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OrnaMental MAPPING


  • Exploring and sharing elements from one's visual culture and heritage

  • Raising awareness about the environment through recycling

  • Discovering the local visual environment - Improving skills in storytelling and sharing experiences

  • Improving verbal skills and divided attention

  • Creating bridges between the local culture, culture of origin, and each other.


  • visual storytelling

  • mapping

  • ornaments

  • visual heritage


90 minutes


  • storytelling

  • observation

  • manual skills

  • co-working skills


Purchasing a wooden board and other used material

Understanding the skills and circumstances of the participants


  • up-recyclable wooden board or any other wooden piece of furniture

  • pencils

  • erasers

  • acrylic paint

  • brushes

  • plastic containers (smaller recycled bottle tops to mix the paint and bigger ones for water)

  • eventually rules and compasses

  • varnish (to finalize the object and use it afterward)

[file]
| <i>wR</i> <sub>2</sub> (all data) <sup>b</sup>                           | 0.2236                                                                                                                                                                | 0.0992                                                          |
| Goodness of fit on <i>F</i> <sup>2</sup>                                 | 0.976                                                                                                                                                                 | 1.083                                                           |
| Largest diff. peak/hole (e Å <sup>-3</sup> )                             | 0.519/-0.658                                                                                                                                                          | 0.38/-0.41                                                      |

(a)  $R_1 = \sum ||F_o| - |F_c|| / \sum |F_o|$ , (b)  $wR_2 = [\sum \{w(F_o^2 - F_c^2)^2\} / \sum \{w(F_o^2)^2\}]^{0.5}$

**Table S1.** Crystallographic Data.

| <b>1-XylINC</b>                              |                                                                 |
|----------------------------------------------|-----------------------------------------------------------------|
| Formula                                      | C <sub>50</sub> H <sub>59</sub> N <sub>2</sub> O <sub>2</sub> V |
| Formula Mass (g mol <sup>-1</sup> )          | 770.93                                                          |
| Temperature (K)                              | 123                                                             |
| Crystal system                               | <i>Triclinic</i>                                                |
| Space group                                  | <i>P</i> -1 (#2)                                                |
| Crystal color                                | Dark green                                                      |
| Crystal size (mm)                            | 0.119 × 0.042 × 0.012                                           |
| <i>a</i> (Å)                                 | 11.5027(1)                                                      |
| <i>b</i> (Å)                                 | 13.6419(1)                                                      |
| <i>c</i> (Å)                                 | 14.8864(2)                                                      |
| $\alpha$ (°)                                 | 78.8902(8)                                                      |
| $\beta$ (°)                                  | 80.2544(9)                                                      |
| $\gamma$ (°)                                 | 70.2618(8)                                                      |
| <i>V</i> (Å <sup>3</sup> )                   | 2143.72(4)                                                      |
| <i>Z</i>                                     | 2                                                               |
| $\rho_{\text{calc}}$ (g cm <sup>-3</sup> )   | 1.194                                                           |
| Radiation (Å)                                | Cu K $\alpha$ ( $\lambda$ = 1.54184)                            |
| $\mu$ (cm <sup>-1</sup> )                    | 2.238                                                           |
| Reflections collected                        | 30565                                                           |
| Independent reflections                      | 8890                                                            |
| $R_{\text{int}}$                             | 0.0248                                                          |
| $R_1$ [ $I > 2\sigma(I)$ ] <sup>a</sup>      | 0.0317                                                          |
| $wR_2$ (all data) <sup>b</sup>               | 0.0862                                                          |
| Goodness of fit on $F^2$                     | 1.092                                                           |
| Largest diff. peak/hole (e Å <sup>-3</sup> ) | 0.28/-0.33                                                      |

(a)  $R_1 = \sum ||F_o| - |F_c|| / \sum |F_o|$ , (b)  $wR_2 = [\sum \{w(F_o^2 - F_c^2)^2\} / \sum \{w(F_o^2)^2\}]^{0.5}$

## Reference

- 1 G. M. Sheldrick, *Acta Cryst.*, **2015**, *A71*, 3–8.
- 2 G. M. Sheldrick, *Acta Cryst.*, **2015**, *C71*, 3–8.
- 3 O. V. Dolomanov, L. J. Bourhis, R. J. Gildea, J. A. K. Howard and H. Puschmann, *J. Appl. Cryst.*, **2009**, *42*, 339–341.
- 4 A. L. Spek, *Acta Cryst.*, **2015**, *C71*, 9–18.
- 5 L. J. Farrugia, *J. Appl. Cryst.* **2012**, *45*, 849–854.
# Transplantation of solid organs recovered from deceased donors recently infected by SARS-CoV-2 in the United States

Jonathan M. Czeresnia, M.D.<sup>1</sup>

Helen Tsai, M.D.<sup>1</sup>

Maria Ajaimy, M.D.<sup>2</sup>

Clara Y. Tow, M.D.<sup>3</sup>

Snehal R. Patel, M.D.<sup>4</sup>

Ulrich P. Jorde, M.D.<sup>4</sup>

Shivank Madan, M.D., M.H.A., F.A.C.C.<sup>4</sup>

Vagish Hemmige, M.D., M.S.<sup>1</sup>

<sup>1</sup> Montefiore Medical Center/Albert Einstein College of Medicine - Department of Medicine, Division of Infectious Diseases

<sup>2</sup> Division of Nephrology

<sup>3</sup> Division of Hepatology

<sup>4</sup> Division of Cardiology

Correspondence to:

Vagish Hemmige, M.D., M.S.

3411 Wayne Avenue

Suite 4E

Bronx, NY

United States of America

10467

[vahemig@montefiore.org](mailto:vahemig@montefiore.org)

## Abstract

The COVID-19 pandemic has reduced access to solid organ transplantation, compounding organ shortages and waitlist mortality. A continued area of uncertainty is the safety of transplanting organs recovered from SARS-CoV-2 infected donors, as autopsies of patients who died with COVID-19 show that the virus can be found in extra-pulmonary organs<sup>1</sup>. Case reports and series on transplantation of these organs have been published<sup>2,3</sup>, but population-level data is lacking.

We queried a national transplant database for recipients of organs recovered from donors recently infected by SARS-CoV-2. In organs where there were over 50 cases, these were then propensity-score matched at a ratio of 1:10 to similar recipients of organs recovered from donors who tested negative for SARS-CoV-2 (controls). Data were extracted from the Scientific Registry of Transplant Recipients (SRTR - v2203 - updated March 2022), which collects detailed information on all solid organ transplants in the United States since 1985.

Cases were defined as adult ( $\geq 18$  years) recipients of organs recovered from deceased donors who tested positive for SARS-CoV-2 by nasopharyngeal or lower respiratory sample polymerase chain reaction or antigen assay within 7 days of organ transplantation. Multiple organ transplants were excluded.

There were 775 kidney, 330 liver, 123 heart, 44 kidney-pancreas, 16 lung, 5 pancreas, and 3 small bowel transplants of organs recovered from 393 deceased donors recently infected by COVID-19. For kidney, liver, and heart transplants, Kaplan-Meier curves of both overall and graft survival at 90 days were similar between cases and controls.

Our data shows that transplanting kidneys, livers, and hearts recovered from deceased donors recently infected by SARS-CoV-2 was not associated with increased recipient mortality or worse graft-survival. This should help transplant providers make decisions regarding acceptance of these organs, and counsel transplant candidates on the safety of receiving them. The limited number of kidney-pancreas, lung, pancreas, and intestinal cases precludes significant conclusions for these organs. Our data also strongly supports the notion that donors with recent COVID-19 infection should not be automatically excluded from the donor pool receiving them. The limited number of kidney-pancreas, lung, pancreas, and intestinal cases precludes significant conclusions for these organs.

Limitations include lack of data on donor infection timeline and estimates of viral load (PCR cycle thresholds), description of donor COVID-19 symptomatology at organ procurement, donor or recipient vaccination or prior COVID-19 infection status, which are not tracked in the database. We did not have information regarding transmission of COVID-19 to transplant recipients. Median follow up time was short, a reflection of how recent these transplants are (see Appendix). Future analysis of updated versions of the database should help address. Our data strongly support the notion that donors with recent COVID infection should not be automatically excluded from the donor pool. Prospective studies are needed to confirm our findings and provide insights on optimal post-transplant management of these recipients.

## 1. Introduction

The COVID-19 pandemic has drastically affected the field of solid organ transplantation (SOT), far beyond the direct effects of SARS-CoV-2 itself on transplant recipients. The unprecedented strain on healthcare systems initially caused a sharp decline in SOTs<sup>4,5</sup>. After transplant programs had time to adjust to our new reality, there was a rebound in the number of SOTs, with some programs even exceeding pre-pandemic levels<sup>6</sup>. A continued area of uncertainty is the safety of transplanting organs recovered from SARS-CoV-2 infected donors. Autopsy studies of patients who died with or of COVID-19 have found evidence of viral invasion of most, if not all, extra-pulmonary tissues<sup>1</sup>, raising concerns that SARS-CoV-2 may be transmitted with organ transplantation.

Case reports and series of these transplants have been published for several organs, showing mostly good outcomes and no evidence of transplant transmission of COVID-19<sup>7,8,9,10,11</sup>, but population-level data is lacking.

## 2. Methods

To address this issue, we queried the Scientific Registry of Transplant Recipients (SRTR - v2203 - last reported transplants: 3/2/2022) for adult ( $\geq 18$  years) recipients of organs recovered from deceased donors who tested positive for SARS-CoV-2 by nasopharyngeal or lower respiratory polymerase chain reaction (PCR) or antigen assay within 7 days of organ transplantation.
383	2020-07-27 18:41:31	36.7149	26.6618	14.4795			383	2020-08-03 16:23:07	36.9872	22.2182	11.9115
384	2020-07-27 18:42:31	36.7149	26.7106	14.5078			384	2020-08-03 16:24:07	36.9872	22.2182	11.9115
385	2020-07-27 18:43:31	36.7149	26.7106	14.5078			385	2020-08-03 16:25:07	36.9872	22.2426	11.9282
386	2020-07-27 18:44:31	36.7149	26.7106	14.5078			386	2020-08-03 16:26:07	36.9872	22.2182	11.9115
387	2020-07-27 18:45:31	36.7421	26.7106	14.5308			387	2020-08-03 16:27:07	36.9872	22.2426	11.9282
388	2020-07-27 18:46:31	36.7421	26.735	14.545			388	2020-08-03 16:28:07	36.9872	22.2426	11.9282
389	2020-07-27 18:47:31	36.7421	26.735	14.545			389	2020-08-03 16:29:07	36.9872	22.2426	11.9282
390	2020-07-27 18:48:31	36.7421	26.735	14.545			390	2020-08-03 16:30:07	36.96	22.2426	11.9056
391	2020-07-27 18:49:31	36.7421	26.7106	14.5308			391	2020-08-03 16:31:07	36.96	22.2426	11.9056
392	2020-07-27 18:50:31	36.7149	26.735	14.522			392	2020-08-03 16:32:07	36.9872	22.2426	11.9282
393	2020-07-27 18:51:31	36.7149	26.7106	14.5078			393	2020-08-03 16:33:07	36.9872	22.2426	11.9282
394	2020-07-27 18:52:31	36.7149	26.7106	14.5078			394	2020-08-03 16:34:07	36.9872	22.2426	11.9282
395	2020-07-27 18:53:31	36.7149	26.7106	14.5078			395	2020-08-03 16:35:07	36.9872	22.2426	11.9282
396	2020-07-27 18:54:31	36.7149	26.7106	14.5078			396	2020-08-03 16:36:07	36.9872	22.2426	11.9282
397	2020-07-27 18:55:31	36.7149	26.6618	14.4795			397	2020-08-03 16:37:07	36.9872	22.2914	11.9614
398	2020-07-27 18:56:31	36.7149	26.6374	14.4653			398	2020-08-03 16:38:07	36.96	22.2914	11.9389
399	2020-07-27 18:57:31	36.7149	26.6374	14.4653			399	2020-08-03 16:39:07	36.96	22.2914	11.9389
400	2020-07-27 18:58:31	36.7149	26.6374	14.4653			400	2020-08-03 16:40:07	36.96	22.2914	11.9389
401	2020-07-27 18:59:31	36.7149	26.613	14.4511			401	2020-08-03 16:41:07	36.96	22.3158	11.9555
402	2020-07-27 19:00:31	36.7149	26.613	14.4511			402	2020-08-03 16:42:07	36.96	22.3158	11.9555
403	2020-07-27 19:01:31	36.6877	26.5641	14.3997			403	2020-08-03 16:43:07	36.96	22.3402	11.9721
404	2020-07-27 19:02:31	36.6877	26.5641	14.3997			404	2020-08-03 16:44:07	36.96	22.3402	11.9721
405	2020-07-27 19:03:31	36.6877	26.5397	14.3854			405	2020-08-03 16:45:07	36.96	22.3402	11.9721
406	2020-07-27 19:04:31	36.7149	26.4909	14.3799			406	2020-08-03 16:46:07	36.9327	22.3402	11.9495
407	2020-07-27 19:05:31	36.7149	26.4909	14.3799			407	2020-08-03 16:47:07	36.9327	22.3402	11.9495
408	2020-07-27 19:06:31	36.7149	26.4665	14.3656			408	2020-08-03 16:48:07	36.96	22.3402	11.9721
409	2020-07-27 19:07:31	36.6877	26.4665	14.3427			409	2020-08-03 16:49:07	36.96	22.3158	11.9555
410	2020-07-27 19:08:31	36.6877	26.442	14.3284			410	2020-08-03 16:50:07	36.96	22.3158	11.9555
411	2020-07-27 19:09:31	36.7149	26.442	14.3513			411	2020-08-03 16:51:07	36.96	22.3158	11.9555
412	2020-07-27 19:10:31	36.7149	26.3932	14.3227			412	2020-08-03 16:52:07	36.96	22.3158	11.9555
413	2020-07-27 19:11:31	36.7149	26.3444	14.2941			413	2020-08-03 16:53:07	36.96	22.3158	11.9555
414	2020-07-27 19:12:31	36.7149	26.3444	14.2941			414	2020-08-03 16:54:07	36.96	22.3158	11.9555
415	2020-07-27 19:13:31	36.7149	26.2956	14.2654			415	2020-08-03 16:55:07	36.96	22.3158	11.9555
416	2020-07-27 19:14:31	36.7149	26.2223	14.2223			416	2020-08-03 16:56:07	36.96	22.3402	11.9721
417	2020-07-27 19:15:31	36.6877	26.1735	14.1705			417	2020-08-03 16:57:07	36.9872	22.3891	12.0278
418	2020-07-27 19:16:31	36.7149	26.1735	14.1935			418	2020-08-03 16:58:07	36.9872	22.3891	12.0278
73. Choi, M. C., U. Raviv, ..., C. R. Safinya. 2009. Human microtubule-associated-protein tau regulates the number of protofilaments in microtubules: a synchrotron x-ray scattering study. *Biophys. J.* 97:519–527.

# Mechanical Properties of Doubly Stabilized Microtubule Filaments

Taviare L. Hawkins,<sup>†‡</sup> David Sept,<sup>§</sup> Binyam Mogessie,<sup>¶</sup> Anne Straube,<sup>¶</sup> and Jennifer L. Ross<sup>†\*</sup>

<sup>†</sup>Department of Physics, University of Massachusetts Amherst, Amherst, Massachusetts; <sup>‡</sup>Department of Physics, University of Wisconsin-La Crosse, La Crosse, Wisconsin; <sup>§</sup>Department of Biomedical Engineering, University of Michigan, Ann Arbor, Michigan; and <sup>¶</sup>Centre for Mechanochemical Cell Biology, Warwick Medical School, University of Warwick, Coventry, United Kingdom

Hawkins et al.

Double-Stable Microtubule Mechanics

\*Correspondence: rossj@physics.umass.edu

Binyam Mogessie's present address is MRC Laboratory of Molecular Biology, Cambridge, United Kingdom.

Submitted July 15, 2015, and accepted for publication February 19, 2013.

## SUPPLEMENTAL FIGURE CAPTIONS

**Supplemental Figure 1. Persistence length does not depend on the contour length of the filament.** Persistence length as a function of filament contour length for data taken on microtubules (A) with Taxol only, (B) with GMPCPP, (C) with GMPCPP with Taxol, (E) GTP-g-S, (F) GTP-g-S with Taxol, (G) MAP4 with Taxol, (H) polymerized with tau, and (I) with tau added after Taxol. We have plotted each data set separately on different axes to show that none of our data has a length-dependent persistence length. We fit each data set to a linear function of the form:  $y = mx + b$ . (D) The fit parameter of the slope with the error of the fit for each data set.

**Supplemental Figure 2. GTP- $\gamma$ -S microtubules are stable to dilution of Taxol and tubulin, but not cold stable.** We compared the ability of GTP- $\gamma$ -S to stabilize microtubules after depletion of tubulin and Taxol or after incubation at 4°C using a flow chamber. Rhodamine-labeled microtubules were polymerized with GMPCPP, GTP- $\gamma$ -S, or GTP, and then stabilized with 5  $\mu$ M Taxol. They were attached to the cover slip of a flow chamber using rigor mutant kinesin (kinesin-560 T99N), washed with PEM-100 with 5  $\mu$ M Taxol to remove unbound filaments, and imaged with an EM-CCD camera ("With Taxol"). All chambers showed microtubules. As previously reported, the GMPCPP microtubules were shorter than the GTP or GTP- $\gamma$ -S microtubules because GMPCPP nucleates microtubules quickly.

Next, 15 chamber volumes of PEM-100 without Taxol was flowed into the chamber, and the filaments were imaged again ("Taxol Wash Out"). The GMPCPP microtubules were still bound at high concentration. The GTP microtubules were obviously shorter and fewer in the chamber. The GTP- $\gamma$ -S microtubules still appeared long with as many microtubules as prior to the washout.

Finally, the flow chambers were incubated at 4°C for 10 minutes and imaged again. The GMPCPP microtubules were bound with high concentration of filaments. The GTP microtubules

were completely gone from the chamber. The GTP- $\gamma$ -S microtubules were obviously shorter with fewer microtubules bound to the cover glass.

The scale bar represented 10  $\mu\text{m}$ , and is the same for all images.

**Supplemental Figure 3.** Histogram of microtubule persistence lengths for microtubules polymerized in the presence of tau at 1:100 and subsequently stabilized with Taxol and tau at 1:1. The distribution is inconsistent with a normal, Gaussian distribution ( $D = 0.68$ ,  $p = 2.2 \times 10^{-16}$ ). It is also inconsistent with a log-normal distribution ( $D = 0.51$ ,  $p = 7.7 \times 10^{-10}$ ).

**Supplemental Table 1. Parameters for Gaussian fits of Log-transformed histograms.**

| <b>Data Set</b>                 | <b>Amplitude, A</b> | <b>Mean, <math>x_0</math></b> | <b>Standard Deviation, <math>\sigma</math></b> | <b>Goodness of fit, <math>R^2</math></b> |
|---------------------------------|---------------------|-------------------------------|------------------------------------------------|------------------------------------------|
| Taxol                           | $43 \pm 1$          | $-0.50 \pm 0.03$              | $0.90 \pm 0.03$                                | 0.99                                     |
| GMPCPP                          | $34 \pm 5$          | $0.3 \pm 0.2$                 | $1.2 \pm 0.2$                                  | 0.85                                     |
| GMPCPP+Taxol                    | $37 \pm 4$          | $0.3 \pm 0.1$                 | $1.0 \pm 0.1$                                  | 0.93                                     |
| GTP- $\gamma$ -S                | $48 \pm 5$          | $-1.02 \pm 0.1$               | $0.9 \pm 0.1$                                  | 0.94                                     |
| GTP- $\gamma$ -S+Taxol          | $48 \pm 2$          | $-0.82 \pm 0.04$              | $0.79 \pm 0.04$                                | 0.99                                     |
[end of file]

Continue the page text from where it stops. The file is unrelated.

1. Preparation: -

Ask the participants to bring photos of ornaments with geometric patterns they find in their homes, streets, or places of origin. Alternatively, take them on a walk in the neighbourhood and encourage them to collect photos of ornaments that remind them of their place of origin. - Collect smaller pieces of furniture, wooden boards that you don't use any more, or that you find on the street.

2. Introduction and setting the scene: -

Form groups of 2-4 participants and ask them to sit around one board or piece of furniture. - Ask the participants to share their photos and stories within their groups, such as where they took the photo and why it's important. Alternatively, suggest they talk about a specific topic, such as their visual experiences in the neighbourhood or their place of origin.

3. OrnaMental Mapping:

Guide the participants to draw with a pencil at different points of the board while continuing to discuss. Ask them to use the ornaments on their photos as a starting point for drawing and continue to develop it while they talk or listen to others. - As the patterns they draw expand on the surface, they will get close to each other. At that moment, they need to find common solutions to link the patterns together. - Linking the patterns is a symbolic gesture, and they need to think about how to unite different universes and create connections.

4. Adding colours:

Colours may introduce additional rhythms to the patterns, "break" them, or vary them. Colour may also be the key to a harmonious appearance of all the different geometric patterns. 5. Presentation and Discussion: - Ask each group to present their ornamental map, how they created it, and the topics raised during the discussions. - Let the group share their feelings and observations during the process.